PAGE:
Kuala Lumpur has its origins in the 1850s, when the Malay Chief of Klang, Raja Abdullah, hired some Chinese labourers to open new and larger tin mines for tin prospectors. The miners landed at the confluence of Sungai Gombak (previously known as Sungai Lumpur, meaning "muddy river") and Sungai Klang (Klang River) to open mines at Ampang, Pudu and Batu. These mines developed into a trading post which became a frontier town.
The tin prospectors settled in Ampang, and formed gangs within themselves. The two largest Chinese gangsters, the Hakka-dominated Hai San and the Hokkien-dominated Ghee Hin, frequently engaged in warfare to gain control of tin production in the town. The incessant warfare between the two factions brought tin mine production to a standstill, prompting the British, who ruled Selangor as one of the Federated Malay States at the time, to appoint a Chinese Kapitan (headman) to administer Kuala Lumpur. Hiu Siew, the owner of a mine in Lukut, was elected as the first Kapitan. As one of the first traders to arrive in Ampang (along with Yap Ah Sze), he sold provisions to the miners in exchange for tin.
During the early times, Kuala Lumpur had many problems, including the Selangor Civil War; it was also plagued by diseases and constant fires and floods. Around the 1870s, the third Chinese Kapitan of Kuala Lumpur, Yap Ah Loy, emerged as leader, and became responsible for the survival and subsequent systematic growth of this town. He began to develop Kuala Lumpur from a small, obscure settlement into a booming mining town. In 1880, the state capital of Selangor was moved from Klang to the more strategically advantageous Kuala Lumpur.
In 1881, a flood swept through the town, following a fire that had engulfed it earlier. These successive problems destroyed the town's structures of wood and atap (thatching). As a response, Frank Swettenham, the British Resident of Selangor, required that buildings be constructed of brick and tile. Hence, Kapitan Yap Ah Loy bought a sprawling piece of real estate for the setting up of a brick industry which would spur the rebuilding of Kuala Lumpur. This place is the eponymous Brickfields. Hence, destroyed atap buildings were replaced with brick and tiled ones. He restructured the building layout of the city. Many of the new brick buildings mirrored those of shop houses in southern China, characterised by "five foot ways" as well as skilled Chinese carpentry work. This resulted in a distinct eclectic shop house architecture typical to this region. A railway line increased accessibility into the growing town. Development intensified in the 1890s, leading to the creation of a Sanitary Board. Kapitan Yap Ah Loy spent a sum of $20,000 to expand road access in the city significantly, linking up tin mines with the city, these roads include the main arterial roads of Ampang Road, Pudu Road and Petaling Street.
As Chinese Kapitan, he was vested with wide powers on par with Malay community leaders. He implemented law reforms and introduced new legal measures. He would also preside over a small claims court. With a police force amounting only 6, he was able to uphold to rule of law. He built a prison which could accommodate 60 prisoners at any time. Kapitan Yap Ah Loy also built Kuala Lumpur's first school and a major tapioca mill in Petaling Street of which the Selangor's Sultan Abdul Samad had an interest.
In 1896, Kuala Lumpur was chosen as the capital of the newly formed Federated Malay States. A mixture of different communities settled in various sections of Kuala Lumpur. The Chinese mainly settled around the commercial centre of Market Square, east of the Klang River, and towards Chinatown. The Malays, Indian Chettiars, and Indian Muslims resided along Java Street (now Jalan Tun Perak). The Padang, now known as Merdeka Square, was the centre of the British administrative offices.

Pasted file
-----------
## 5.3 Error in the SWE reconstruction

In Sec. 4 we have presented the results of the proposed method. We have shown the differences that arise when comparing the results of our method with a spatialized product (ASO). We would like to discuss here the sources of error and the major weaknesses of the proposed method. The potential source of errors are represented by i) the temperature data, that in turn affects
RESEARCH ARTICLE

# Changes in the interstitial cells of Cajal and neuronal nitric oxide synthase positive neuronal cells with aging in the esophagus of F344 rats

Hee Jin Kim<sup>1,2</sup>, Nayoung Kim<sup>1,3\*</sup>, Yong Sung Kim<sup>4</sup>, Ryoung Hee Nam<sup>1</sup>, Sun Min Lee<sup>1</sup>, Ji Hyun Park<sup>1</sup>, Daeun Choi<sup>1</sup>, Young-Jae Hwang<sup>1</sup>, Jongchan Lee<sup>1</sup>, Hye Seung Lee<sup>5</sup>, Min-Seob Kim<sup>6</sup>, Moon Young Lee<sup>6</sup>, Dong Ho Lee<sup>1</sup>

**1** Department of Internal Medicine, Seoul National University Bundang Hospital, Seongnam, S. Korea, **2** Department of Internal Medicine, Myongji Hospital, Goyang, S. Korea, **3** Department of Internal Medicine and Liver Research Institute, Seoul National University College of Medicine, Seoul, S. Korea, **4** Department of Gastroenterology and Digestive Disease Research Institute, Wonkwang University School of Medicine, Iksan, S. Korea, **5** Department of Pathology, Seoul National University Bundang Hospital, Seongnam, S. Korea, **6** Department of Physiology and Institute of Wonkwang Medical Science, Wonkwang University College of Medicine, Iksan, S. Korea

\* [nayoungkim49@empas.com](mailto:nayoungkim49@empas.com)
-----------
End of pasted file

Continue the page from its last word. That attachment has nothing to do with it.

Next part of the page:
During World War II, Kuala Lumpur was captured by the Imperial Japanese Army on 11 January 1942. They occupied the city until 15 August 1945, when the commander in chief of the Japanese Seventh Area Army in Singapore and Malaysia, Seishirō Itagaki, surrendered to the British administration following the atomic bombings of Hiroshima and Nagasaki. Kuala Lumpur grew through the war, the rubber and tin commodity crashes and the Malayan Emergency, during which Malaya was preoccupied with the communist insurgency. In 1957, the Federation of Malaya gained its independence from British rule. Kuala Lumpur remained the capital through the formation of Malaysia on 16 September 1963.
On 13 May 1969, the worst race riots on record in Malaysia took place in Kuala Lumpur. The so-called 13 May incident refers to the occurrence of violence between members of the Malay and the Chinese communities. The violence was the result of Malaysian Malays being dissatisfied with their socio-political status. The riots resulted in the deaths of 196 people, and led to major changes in the country's economic policy to promote and prioritise Malay economic development over that of the other ethnicities.
Kuala Lumpur later achieved city status in 1972, becoming the first settlement in Malaysia to be granted the status after independence. Later, on 1 February 1974, Kuala Lumpur became a Federal Territory. Kuala Lumpur ceased to be the capital of Selangor in 1978 after the city of Shah Alam was declared the new state capital. On 14 May 1990, Kuala Lumpur celebrated 100 years of local authority. The new federal territory Kuala Lumpur flag and anthem were introduced.
On 1 February 2001, Putrajaya was declared a Federal Territory, as well as the seat of the federal government. The administrative and judicial functions of the government were shifted from Kuala Lumpur to Putrajaya. Kuala Lumpur however still retained its legislative function, and remained the home of the Yang di-Pertuan Agong (Constitutional King).
4, Jalan Ushawan 6
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